Superstition – Korea


“Whistling at night attracts evil spirits.”

Paul learned this superstition from his father when he was 9 years old.  He remembers the instance when he picked it up and to this day, he follows it religiously. He recalls a night when he was trying to sleep.  His dad came in to his room to say goodnight, and heard Paul whistling from his bed.  His dad, with a serious expression on his face, ordered him to stop.  He told him that his father passed this superstition onto him when he was little, but he wanted to be tough and he didn’t listen.  He said he was home alone one night when he was in his early teens and he started to whistle.  That night he had a traumatic experience. He wouldn’t give Paul any further details but begged him not to whistle at night.  In talking to me, Paul has no idea why this superstition exists, or where it originally comes from (his father was born in Korea, he was born here in L.A.).  He also has no idea if his father was just pulling his leg, or if he really had “an experience” with an evil spirit because he refuses to tell him.  Paul suggested a potential background on the superstition, “Koreans are really afraid of the dark.  Someone one day decided that making as little noise at night was the best way to keep evil forces away.”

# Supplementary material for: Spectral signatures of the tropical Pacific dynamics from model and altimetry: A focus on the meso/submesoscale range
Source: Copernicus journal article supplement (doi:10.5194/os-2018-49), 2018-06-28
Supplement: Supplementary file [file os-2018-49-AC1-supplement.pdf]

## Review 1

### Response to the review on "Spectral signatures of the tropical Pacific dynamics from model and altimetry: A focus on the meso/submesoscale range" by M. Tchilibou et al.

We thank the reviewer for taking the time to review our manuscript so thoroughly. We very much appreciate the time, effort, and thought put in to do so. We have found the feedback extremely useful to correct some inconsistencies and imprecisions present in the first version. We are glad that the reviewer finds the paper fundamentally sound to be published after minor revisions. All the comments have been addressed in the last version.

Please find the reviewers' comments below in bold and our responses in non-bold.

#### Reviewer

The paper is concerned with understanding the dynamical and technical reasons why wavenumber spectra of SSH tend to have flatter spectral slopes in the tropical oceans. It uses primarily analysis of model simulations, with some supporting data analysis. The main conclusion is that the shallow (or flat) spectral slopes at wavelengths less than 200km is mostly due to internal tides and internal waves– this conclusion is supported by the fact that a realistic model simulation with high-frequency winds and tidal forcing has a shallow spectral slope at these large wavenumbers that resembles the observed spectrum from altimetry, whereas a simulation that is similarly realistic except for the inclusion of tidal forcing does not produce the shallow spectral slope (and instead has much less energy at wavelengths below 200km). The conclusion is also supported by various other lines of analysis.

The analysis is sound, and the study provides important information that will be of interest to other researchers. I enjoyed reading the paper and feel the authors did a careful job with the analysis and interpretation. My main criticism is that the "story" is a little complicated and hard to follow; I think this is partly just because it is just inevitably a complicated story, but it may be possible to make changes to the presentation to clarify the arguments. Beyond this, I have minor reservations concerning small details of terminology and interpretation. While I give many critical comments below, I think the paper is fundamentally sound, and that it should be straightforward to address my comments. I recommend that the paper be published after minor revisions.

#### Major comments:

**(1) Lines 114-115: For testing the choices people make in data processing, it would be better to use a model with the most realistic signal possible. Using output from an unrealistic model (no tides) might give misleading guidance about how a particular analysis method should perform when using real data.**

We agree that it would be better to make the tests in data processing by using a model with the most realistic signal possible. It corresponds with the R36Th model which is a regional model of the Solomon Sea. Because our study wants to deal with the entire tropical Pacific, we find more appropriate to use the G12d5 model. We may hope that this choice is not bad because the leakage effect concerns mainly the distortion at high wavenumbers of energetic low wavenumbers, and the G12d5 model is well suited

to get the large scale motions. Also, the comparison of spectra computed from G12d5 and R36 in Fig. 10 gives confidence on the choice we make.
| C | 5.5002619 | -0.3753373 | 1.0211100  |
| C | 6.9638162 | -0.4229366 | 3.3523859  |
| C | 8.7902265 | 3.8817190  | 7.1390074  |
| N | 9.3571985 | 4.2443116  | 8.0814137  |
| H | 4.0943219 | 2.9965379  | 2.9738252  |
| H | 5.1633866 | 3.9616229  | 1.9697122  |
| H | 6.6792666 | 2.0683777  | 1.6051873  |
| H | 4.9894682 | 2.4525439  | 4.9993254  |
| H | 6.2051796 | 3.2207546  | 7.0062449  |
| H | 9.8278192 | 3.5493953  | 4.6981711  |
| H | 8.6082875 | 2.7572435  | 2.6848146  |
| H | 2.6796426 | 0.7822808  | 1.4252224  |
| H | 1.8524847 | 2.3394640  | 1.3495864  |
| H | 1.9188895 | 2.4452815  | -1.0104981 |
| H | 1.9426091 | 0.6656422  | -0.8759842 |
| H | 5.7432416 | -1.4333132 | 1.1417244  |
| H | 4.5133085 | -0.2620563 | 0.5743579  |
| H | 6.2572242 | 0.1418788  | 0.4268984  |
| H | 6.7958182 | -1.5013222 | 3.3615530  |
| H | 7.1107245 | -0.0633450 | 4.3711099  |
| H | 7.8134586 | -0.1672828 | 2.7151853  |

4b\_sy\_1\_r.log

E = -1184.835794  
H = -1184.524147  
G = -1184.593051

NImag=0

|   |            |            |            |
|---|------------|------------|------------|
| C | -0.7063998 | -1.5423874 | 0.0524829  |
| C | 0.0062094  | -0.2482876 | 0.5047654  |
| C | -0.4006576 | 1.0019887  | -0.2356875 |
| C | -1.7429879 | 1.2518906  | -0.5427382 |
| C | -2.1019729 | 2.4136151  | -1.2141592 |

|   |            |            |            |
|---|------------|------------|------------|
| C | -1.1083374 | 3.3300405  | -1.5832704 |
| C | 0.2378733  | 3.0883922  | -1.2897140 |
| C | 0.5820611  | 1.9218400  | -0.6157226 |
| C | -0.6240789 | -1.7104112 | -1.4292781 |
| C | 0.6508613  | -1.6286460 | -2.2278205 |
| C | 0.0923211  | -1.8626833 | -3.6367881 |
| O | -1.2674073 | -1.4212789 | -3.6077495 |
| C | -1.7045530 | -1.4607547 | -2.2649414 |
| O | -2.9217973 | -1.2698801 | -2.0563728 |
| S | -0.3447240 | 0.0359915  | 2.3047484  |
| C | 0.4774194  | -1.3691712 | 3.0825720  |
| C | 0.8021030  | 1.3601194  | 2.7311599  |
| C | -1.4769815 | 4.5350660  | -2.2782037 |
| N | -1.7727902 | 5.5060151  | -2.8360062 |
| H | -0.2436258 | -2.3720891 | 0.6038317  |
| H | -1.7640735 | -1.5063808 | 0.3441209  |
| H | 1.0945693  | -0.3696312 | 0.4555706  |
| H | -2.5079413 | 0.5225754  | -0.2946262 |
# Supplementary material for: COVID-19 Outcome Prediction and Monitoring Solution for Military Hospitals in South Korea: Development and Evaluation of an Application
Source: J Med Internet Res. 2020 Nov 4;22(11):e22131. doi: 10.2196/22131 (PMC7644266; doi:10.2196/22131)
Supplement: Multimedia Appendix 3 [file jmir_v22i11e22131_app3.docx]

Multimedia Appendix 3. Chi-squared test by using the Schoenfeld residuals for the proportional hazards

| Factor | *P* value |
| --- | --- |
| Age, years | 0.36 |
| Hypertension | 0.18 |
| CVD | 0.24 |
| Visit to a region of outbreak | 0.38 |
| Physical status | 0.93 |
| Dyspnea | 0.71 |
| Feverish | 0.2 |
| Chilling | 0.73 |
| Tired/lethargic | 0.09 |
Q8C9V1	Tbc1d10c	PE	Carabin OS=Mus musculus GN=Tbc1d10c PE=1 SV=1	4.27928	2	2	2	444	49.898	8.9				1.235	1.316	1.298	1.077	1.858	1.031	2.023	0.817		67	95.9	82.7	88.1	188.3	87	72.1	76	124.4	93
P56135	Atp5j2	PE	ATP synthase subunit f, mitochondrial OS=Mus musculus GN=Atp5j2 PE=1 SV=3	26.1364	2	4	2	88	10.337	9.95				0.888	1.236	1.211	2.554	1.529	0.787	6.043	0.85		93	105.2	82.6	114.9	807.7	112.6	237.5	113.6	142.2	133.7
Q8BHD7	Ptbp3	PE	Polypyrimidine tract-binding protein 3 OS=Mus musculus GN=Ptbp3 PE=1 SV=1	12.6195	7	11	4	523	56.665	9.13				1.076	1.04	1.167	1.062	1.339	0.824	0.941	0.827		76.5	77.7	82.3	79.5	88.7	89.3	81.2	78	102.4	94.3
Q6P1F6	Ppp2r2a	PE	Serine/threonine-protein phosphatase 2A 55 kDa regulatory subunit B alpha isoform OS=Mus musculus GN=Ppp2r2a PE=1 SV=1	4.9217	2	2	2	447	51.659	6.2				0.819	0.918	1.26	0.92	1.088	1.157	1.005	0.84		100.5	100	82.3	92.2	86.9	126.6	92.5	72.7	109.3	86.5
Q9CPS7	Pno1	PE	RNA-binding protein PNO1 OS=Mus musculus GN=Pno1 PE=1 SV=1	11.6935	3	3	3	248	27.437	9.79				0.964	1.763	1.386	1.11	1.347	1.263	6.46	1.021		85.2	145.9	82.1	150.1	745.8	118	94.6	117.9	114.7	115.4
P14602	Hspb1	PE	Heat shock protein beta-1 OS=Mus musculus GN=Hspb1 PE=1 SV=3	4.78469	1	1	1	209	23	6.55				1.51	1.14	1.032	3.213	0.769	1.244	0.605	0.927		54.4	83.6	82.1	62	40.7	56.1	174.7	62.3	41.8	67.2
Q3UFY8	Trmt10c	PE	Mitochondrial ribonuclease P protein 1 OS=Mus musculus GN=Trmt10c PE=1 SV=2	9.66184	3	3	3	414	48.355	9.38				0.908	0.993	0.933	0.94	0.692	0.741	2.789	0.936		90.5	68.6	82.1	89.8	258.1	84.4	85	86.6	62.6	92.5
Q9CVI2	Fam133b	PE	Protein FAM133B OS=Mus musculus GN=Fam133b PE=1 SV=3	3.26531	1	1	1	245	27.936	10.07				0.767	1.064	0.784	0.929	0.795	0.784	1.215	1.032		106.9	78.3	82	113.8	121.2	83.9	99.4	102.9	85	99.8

Whatever the significance of the superstition, Paul swears by it.  He loves to whistle, but when the sun comes down, he refuses to, especially when he is alone.  I interviewed him on campus at Leavey Library at about 8PM, and he told me that in his short bike ride back to his fraternity house on 28th street, he wouldn’t even think of whistling, not even for a second.  In interviewing him, I was not at all surprised that he abides by the superstition to the extent that he does.  Personally, I am a big believer in superstition; when I lose an eyelash I always make a wish, and I refuse to walk under a ladder.  Paul similarly has lived his life never whistling at night after learning about the superstition.  I find it funny how nobody knows why any of these superstitions exist, but because we were raised believing that they are true, we always abide by them.